How To Grow Kangkung, Curry Leaves & Other Balcony-Friendly Plants Yourself
You can grow some of these from kitchen scraps too.
Thinking to start your own garden of edibles?
Nothing beats the feeling of cooking with ingredients plucked from your own garden! Some plants can be grown from kitchen scraps, making it a great chance to reduce food wastage too. Plus, you can take this opportunity to recycle canisters, bottles and such to be used as planting containers, making this planting project just that one step closer to living that zero-waste lifestyle ;)
The great thing is that many types of plants don't actually require a large backyard - they'll be just as happy growing in your balcony
1. Bok Choy
The next time you've got the bottom bit of the bok choy left over from your cooking, place it in a shallow bowl filled with a bit of water. Keep it on a windowsill with sunlight and change the water every few days. Within about a week, you'll start to see your bok choy sprouting around the center of the base!
Once you see the regrowth, you can transfer the growing bok choy into a well-drained container. Cover everything but the new growth part with soil. Bok choy grows well in slightly cool weather so if you see that your plant isn't thriving, move it to a cooler, shaded area.
Cilantro's a great way to add a fresh flavour to your dishes, but as most grocers sell them in rather large quantities, this can sometimes lead to wastage if you don't use them quick enough while they're still fresh.
To avoid wasting, why not plant your own instead? You can use the root part that's usually left over from cooking - just make sure it has about three inches of the stem intact. Place it in a jar of water, give it enough sunlight and change the water everyday.
Once the stems start to grow, you can transfer your cilantro plant into a soil-filled pot. It will take a few months for the plant to mature, after which you can feel free to grab the leaves as and when you need them in the quantity you need.
Here's an easy way to grow kangkung using a colander and pail! Start by soaking kangkung seeds for 32 hours. Drain and place in a fine colander. Fill up pail with water and place the colander over the top.
Cover the seeds, and after two to three days you'll see them start to sprout. Treat them to ample sunlight at this point and add fertiliser.
Keep an eye on the water level and replenish if needed. The kangkung will be ready for harvesting within three weeks.
4. Romaine Lettuce
Here's how you can have an endless supply of salad greens at home: Start by saving the bottom part of your romaine lettuce and keep it in a bowl with about half an inch of water. Keep it on a sunny windowsill and change the water every day.
Once you start seeing sprouts - which tends to happen within the week - you can move the plant into a soil-filled container or pot. The greens are ready to be harvested once their height reaches six inches. To keep the supply going, cut the leaves off and leave the base for regrowing.
To plant your own ginger, choose a young, smooth and healthy root to work with. Plant it in a pot with a mix of potting soil and compost, and make sure the pot has plenty of drainage. Place it someplace warm but with indirect sunlight.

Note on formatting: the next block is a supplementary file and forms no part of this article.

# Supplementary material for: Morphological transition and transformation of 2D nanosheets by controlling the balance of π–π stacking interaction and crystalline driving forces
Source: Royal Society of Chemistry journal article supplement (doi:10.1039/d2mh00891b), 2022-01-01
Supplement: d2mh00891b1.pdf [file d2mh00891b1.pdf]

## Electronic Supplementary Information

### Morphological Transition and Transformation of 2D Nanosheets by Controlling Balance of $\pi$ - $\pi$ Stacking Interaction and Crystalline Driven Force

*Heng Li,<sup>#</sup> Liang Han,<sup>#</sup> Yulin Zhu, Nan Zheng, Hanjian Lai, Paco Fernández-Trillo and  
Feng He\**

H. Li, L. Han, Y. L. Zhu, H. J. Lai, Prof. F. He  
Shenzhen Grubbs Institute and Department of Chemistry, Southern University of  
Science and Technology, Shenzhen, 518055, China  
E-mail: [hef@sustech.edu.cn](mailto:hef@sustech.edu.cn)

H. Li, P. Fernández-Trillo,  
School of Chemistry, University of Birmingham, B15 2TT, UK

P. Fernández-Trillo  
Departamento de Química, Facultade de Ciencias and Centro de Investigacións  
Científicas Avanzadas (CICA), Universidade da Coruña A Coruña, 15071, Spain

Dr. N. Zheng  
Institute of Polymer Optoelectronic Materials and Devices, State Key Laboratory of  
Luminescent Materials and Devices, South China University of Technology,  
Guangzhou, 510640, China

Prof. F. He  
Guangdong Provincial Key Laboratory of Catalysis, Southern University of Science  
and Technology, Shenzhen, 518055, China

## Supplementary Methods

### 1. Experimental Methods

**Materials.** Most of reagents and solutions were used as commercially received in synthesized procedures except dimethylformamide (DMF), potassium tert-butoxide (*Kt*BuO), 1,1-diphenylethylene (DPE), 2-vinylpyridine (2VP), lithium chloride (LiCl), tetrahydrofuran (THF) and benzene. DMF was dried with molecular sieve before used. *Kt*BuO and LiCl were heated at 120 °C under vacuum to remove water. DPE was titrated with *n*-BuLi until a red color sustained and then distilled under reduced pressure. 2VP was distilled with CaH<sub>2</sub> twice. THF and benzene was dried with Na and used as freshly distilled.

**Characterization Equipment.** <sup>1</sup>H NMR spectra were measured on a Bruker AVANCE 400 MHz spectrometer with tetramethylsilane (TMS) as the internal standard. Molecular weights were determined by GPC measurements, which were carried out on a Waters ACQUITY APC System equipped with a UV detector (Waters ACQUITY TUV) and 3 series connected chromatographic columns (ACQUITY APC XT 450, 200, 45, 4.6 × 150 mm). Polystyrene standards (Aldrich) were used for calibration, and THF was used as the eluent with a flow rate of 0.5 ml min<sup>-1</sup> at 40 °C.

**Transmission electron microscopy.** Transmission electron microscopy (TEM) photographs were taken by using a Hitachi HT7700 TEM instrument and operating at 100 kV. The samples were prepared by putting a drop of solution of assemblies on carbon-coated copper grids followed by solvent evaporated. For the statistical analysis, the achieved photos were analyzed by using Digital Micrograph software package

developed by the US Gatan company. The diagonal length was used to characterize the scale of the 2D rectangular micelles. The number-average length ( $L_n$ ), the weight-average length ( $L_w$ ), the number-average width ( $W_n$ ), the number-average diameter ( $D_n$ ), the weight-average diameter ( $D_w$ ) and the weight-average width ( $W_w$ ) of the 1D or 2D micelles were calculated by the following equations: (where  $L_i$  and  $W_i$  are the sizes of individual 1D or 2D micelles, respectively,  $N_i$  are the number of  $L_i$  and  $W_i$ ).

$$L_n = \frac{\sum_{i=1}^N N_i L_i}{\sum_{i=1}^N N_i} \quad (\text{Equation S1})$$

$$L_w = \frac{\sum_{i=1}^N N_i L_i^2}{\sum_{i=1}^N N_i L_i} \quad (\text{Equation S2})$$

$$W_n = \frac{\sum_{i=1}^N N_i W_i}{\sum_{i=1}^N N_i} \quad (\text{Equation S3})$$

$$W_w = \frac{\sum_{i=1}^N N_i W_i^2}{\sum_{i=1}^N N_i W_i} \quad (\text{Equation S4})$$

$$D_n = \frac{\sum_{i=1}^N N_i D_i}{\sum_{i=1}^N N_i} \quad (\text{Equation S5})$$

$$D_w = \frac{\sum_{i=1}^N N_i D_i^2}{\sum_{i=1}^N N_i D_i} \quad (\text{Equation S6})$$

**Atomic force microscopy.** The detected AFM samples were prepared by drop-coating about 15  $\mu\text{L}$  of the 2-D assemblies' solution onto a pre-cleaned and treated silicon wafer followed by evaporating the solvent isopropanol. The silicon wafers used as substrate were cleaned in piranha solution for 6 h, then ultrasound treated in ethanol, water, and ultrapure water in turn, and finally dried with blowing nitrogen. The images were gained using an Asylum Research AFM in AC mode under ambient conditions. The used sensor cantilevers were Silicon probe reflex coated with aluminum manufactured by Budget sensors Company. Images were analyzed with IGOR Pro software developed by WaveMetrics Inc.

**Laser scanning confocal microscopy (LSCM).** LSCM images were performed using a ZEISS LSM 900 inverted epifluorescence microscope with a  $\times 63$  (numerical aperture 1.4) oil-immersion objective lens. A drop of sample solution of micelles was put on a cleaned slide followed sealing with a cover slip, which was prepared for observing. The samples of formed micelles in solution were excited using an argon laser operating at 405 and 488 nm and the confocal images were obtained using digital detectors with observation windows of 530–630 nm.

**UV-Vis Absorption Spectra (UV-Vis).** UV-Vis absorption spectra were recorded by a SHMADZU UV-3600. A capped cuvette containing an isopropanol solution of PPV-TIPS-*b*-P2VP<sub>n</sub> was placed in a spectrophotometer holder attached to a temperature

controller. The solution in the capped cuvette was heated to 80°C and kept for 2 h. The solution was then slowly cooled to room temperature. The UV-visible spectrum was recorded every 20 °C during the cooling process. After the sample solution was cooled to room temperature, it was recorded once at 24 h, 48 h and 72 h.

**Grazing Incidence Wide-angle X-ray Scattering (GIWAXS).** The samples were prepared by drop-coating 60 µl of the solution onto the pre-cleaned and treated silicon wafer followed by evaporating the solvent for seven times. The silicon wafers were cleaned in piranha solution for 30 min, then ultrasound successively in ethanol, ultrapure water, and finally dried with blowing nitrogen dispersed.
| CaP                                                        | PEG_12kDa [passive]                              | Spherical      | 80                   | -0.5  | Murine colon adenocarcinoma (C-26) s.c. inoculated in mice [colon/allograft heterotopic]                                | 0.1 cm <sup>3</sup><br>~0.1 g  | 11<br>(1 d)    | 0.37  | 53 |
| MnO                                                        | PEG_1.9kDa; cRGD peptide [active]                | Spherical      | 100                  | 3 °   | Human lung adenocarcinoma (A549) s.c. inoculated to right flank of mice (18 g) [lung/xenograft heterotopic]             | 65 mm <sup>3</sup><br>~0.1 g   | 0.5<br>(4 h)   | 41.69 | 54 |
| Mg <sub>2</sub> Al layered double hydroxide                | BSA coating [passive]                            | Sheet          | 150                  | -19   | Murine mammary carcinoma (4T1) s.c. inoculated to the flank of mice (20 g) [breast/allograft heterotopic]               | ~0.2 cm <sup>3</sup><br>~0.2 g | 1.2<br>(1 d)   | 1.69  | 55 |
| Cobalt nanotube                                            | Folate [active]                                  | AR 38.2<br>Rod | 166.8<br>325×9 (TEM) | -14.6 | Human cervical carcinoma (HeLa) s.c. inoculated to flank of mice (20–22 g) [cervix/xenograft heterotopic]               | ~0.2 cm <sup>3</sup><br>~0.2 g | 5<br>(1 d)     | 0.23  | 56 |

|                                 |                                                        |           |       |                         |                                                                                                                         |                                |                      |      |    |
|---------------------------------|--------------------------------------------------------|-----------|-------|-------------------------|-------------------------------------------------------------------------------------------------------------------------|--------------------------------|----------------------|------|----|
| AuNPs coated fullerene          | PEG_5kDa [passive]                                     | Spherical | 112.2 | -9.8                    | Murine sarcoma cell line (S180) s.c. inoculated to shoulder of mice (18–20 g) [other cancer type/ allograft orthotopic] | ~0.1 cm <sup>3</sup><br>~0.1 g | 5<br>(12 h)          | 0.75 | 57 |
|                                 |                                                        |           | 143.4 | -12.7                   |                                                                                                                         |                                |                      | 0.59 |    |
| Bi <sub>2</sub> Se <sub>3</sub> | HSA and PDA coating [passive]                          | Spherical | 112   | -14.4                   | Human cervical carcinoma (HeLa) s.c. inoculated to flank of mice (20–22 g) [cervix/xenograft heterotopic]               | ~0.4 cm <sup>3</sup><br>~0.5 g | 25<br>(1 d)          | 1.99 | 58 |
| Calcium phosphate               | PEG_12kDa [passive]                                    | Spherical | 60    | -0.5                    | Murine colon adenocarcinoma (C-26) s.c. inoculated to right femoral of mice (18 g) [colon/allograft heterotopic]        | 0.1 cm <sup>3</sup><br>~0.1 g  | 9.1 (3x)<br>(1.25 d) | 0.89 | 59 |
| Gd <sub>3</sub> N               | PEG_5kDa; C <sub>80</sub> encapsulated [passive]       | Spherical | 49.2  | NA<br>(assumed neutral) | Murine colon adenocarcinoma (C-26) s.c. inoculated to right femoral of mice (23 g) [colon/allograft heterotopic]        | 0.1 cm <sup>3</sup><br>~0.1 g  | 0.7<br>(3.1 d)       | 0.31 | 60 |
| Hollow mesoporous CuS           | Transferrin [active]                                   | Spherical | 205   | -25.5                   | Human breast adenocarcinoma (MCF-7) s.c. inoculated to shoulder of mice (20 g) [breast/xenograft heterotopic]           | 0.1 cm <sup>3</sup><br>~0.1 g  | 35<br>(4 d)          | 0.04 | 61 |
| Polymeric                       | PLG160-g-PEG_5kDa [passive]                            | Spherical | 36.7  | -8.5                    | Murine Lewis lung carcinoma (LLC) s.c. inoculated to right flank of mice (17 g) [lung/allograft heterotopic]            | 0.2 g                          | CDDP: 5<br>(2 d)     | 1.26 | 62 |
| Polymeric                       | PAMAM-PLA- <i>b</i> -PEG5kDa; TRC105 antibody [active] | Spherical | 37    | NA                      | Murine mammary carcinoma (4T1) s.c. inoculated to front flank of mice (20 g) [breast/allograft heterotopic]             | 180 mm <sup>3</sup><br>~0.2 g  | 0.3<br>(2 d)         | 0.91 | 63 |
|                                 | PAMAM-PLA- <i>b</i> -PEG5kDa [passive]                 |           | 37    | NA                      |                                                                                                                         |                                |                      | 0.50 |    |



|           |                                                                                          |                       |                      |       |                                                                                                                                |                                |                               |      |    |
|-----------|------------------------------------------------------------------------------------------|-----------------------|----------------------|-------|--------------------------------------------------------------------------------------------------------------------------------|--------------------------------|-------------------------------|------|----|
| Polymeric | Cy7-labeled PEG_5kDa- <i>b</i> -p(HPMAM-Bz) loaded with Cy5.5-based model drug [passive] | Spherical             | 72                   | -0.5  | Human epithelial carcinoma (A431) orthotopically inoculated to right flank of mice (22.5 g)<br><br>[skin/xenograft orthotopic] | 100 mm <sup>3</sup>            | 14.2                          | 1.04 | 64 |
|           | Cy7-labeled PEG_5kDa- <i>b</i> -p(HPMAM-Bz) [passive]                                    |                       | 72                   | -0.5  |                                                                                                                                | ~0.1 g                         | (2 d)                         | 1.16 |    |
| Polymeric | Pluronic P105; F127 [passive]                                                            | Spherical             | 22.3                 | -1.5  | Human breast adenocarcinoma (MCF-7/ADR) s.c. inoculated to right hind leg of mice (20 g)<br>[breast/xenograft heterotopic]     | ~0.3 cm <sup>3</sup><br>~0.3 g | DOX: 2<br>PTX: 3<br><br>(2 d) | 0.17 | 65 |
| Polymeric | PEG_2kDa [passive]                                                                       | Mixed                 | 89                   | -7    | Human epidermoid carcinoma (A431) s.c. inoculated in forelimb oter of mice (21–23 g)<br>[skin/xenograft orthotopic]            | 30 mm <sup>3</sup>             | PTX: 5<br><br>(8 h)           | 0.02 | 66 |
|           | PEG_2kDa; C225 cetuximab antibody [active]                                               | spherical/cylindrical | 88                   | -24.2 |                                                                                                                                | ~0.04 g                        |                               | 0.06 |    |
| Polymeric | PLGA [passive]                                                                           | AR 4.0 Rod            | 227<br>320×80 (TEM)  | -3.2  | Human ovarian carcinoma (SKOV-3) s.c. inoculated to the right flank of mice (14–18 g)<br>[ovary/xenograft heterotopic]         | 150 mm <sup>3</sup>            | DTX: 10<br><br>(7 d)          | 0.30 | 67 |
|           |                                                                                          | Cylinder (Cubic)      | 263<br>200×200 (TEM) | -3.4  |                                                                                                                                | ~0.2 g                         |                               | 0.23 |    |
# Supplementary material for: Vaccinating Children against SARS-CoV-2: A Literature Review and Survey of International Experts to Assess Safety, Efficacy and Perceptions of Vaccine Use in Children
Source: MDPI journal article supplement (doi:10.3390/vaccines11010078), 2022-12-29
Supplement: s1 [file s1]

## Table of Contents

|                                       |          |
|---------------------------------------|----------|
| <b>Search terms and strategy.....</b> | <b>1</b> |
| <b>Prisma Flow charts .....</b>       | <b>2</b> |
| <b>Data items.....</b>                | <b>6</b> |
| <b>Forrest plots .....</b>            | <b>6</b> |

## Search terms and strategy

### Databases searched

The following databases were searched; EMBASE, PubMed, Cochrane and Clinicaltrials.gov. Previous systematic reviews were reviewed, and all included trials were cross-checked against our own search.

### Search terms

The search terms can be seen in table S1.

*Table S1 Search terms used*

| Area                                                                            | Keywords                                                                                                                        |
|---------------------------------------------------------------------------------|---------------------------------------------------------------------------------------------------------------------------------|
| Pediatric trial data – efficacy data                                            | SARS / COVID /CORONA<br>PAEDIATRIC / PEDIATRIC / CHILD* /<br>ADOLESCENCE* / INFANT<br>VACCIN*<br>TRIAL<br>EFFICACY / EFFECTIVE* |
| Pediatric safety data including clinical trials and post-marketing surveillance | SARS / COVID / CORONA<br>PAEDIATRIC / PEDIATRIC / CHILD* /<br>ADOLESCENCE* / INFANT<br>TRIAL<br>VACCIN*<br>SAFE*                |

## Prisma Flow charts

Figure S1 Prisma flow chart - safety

You can start harvesting at six months if you want young ginger, or wait the full nine months for them to fully mature. At this point, you'll see the leaves turning yellow. Keep some roots to be replanted to keep your ginger stash going!
6. Cili Padi
If you're familiar with the heartbreak of seeing your leftover cili padi all crinkled up at the bottom of your fridge's vegetable drawer, you'll love having this plant around! To start planting, cut open some cili padi and grab the seeds. Sprinkle them in a soil-filled container or pot and water two times a day.
Once your pokok has sprouted around eight leaves or more, you can move it to a large pot to give it ample space to grow.
7. Scallions / Green Onions
Don't throw out that bottom part of your scallions - they are one of the easiest things to regrow! Just place them in a water-filled jar on a sunny windowsill and change the water every other day.
Within a week, you'll have new scallions! Harvest them as needed, but make sure the roots are kept in water. At this point, you can also choose to leave it in the jar, or replant them in soil.
This must-have ingredient for on-point Malaysian cooking can be grown at home with minimal effort. To grow your own from scraps, place the root stems in a glass of water. You'll start seeing new roots forming within the week.
After two to three weeks when the roots have strengthened, you can move the stalks into a pot. Feel free to harvest lemongrass once the plant reaches around one foot in height.
9. Curry Leaves
You can grow a curry leaf tree from seeds, but it will take a year or two to mature so for quicker results, you can opt to get a curry leaf plant from the nursery to be planted at home. Keep it in a sunny area and be careful not to overwater it. You'll only need to water the plant when the soil has become dry.
You can grow garlic easily at home using just the clove. Plant the clove with the root facing downwards and keep it in an area with direct sunlight. You can plant a few cloves in the same pot too - just give them space of about four inches away from each other.
You can start harvesting once the shoots start to turn yellowish.
You can plant leftover celery scraps too! Leave about three inches off the bottom and pierce it with sticks before placing it in a bowl of water. The sticks are to prevent the celery's roots from touching the base of the bowl and allow for better growth. Treat the plant to ample sunlight.
You'll start seeing regrowth towards the centre of the base within one to two weeks, which means you can now move it to a soil-filled pot. Celery requires damp soil to thrive so be sure to water it twice a day.